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Loosely, are the following two statements equivalent?

(1) It is epistemically necessary that P.

(2) It is known that P.

If they are not, in what ways could they be different? I'm thinking in terms of natural language here, not under any specific logical system.

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    It seems a proposition can be epistemically necessary without being known, for example Fermat's Last Theorem was epistemically necessary 50 years ago despite it not being known.
    – George
    Aug 15 '13 at 20:06
  • I'd say that it was epistimically compelling rather than neccessary - there are examples when the epistimically neccessary turned out to mathematicians surprise to be wrong. Nov 18 '13 at 1:44
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Thanks George, my original answer was wrong. Here's a less wrong, and this time negative answer.

(1) says that: for all agents a, a knows that P
(2) says that: for some agent a, a knows that P

The meaning of (1) follows from the fact that epistemically necessary propositions are such that they are true in all epistemically accessible worlds of all agents (this second "all" is the key, because each agent has her own epistemic accessibility relation). The meaning of (2) is straightforward: "P is known" simply means that there exists someone who knows P to be true.

In case it's not already obvious why (1) and (2) are not equivalent, let's fully unpack the meanings of the two sentences. Each agent α has an associated accessibility relation R(α). Using this, we observe that:

(1) says that: for all agents α, for all R(α)–accessible worlds w, P is true at w
(2) says that: for some agent α, for all R(α)–accessible worlds w, P is true at w

Based on these observations, we can present a counterexample to the equivalence of (1) & (2) by having a world where some agent α knows P, but some other agent β does not know P. This situation would show that P is known (by someone), but nevertheless not epistemically necessary (because at least one agent, viz. β, doesn't know P).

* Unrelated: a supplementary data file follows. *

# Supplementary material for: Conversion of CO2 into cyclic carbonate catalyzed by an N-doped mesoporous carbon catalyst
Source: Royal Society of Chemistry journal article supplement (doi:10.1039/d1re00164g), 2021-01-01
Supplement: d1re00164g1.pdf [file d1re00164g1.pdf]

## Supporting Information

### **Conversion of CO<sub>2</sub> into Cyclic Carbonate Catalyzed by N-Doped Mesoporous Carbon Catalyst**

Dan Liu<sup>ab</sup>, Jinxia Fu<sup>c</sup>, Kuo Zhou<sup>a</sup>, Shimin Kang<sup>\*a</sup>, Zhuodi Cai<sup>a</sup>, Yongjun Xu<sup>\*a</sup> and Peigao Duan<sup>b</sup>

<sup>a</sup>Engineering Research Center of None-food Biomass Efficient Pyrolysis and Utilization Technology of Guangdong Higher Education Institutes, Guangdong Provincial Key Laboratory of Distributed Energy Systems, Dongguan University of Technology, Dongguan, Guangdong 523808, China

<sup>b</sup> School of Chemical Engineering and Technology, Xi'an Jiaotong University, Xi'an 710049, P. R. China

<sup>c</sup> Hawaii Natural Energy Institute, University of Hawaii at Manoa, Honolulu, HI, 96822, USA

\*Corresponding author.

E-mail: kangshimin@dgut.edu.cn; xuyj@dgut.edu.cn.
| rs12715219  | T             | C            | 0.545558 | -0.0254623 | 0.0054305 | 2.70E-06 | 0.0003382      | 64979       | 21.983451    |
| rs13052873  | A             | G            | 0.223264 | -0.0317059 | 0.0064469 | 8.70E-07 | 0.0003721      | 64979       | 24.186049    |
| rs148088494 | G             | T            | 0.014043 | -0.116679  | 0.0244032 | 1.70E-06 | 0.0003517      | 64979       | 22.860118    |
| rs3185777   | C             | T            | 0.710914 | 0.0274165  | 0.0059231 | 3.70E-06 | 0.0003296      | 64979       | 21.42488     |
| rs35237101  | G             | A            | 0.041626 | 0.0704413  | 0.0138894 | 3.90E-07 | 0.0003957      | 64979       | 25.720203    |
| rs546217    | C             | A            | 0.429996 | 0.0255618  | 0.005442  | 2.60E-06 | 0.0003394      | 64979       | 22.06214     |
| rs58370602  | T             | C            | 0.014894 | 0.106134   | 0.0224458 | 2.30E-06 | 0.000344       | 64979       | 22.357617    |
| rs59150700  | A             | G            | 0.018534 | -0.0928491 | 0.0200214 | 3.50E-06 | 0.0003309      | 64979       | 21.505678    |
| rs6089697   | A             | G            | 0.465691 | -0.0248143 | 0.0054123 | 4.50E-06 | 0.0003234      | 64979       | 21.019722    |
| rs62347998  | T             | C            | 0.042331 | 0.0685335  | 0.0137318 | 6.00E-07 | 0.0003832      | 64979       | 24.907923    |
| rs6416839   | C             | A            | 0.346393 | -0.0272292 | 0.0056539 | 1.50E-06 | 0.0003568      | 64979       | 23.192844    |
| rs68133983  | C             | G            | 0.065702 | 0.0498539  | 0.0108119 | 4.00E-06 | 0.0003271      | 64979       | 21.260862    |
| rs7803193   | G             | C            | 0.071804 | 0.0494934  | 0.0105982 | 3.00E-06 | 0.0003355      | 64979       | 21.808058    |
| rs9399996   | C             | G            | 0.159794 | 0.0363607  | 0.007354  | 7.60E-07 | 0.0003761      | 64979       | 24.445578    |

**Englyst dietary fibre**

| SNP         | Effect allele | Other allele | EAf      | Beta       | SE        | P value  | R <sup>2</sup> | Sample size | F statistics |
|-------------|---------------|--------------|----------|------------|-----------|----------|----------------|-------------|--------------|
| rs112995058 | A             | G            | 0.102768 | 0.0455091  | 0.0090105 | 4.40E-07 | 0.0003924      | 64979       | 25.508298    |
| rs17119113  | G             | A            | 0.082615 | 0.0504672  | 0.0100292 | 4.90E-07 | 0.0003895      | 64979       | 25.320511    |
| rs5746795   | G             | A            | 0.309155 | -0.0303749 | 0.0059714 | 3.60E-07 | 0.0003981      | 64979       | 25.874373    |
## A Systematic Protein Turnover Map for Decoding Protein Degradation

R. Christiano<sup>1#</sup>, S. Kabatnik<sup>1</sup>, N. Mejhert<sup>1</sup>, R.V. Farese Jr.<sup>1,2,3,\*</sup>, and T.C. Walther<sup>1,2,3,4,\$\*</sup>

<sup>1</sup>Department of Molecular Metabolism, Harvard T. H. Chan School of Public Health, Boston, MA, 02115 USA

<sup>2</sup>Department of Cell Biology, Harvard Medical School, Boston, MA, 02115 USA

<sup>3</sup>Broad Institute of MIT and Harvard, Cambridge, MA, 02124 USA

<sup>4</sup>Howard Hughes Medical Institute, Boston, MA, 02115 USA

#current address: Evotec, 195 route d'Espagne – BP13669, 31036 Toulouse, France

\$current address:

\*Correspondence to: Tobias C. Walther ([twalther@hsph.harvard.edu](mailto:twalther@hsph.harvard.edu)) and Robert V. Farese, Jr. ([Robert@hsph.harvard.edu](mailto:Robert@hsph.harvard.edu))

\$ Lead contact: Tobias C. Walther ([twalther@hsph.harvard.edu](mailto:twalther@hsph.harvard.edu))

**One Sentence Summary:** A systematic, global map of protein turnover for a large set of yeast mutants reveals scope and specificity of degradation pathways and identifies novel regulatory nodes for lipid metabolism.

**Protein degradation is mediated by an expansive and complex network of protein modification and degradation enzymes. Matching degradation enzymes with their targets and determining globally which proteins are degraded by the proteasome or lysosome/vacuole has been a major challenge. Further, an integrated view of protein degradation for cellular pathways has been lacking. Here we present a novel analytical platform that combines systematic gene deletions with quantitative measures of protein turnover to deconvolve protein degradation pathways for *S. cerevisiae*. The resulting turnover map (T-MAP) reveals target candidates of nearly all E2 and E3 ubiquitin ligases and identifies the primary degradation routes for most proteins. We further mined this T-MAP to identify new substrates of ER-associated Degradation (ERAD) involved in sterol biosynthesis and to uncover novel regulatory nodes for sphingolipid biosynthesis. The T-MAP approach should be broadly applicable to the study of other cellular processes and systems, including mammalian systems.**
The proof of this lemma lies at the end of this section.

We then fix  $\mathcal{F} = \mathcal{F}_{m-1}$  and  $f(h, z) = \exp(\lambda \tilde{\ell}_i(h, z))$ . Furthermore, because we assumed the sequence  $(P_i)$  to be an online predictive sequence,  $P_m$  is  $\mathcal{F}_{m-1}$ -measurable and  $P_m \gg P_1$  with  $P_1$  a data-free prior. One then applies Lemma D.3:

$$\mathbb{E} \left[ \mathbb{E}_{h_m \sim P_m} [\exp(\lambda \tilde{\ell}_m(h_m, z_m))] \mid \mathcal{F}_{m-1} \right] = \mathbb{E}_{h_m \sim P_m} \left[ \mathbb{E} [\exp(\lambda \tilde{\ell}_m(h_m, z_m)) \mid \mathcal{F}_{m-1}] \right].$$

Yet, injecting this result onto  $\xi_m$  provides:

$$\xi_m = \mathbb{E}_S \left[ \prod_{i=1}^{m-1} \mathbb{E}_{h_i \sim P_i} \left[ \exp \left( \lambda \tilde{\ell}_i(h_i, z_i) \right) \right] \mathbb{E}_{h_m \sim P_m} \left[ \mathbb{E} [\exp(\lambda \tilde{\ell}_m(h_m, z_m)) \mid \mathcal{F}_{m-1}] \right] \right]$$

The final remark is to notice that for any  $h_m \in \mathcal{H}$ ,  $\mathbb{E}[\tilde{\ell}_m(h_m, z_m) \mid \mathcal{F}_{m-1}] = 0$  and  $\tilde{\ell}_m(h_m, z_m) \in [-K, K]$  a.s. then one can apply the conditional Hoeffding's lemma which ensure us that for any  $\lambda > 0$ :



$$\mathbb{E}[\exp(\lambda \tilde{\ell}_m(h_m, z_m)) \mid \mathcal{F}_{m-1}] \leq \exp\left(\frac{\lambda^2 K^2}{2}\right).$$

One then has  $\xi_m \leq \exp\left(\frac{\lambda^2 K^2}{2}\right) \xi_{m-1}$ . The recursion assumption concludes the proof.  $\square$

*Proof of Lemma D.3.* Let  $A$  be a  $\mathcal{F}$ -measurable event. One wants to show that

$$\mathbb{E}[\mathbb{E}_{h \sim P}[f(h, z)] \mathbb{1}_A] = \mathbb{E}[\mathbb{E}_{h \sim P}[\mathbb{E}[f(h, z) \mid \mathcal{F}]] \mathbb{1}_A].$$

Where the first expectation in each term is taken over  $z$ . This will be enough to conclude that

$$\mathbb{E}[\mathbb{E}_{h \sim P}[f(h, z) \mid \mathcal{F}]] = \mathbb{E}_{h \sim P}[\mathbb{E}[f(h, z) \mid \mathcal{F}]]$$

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    What is the motivation for the logical semantics of (2)? It seems P could happen to be true in the current world of evaluation without anyone "knowing" it to be true. For example, a certain lottery ticket might be a powerball winner, with nobody "knowing" it (having not looked at it yet).
    – George
    Aug 16 '13 at 0:27
  • Of course, you're absolutely correct! I don't know what I was thinking. I'll fix it. Aug 16 '13 at 0:45
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    Thanks for the clarification. For what system of logic is this the typical semantics for "epistemicaly necessary" and "knows"? Kripke's modal logic doesn't have agents, as far as I'm aware, so it can't be that one. Is this the typical semantics for modal logics with agents? Are these semantics in dispute in contemporary philosophy or are they taken as largely standard?
    – George
    Aug 16 '13 at 2:53
  • It's a multi-agent epistemic logic. It differs from the generic modal logic by the re-interpretation of the Box as the knowledge operator K indexed to agents so that K(a,p) reads "agent a knows that p", which within the Kripke semantics reduces to: p is true in all R(a)-accessible worlds. So yes, pretty typical, standard semantics for modal logics with agents. What is, however, in dispute is the various conditions on the accessibility relations, e.g., reflexivity, transitivity, symmetry, etc. If you haven't already, check out Hintikka's Knowledge and Belief (this is where it all began!). Aug 16 '13 at 3:43
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"Epistemically necessary" is a technical term used in systems of logic and philosophy. "Known" is a term from natural language, which is sometimes also used technically. Therefore it isn't entirely coherent to ask if they mean the same thing in natural language. If "epistemically necessary" can be said to have a natural meaning, it's one derived from its technical sense.

It's probably accurate, however, to say that the concept of "epistemic necessity" is an attempt to formalize at least some aspects of the natural language concept of "known."

As to whether they are equivalents in a technical sense, that would depend on the particular system, and how it defines those terms within it.

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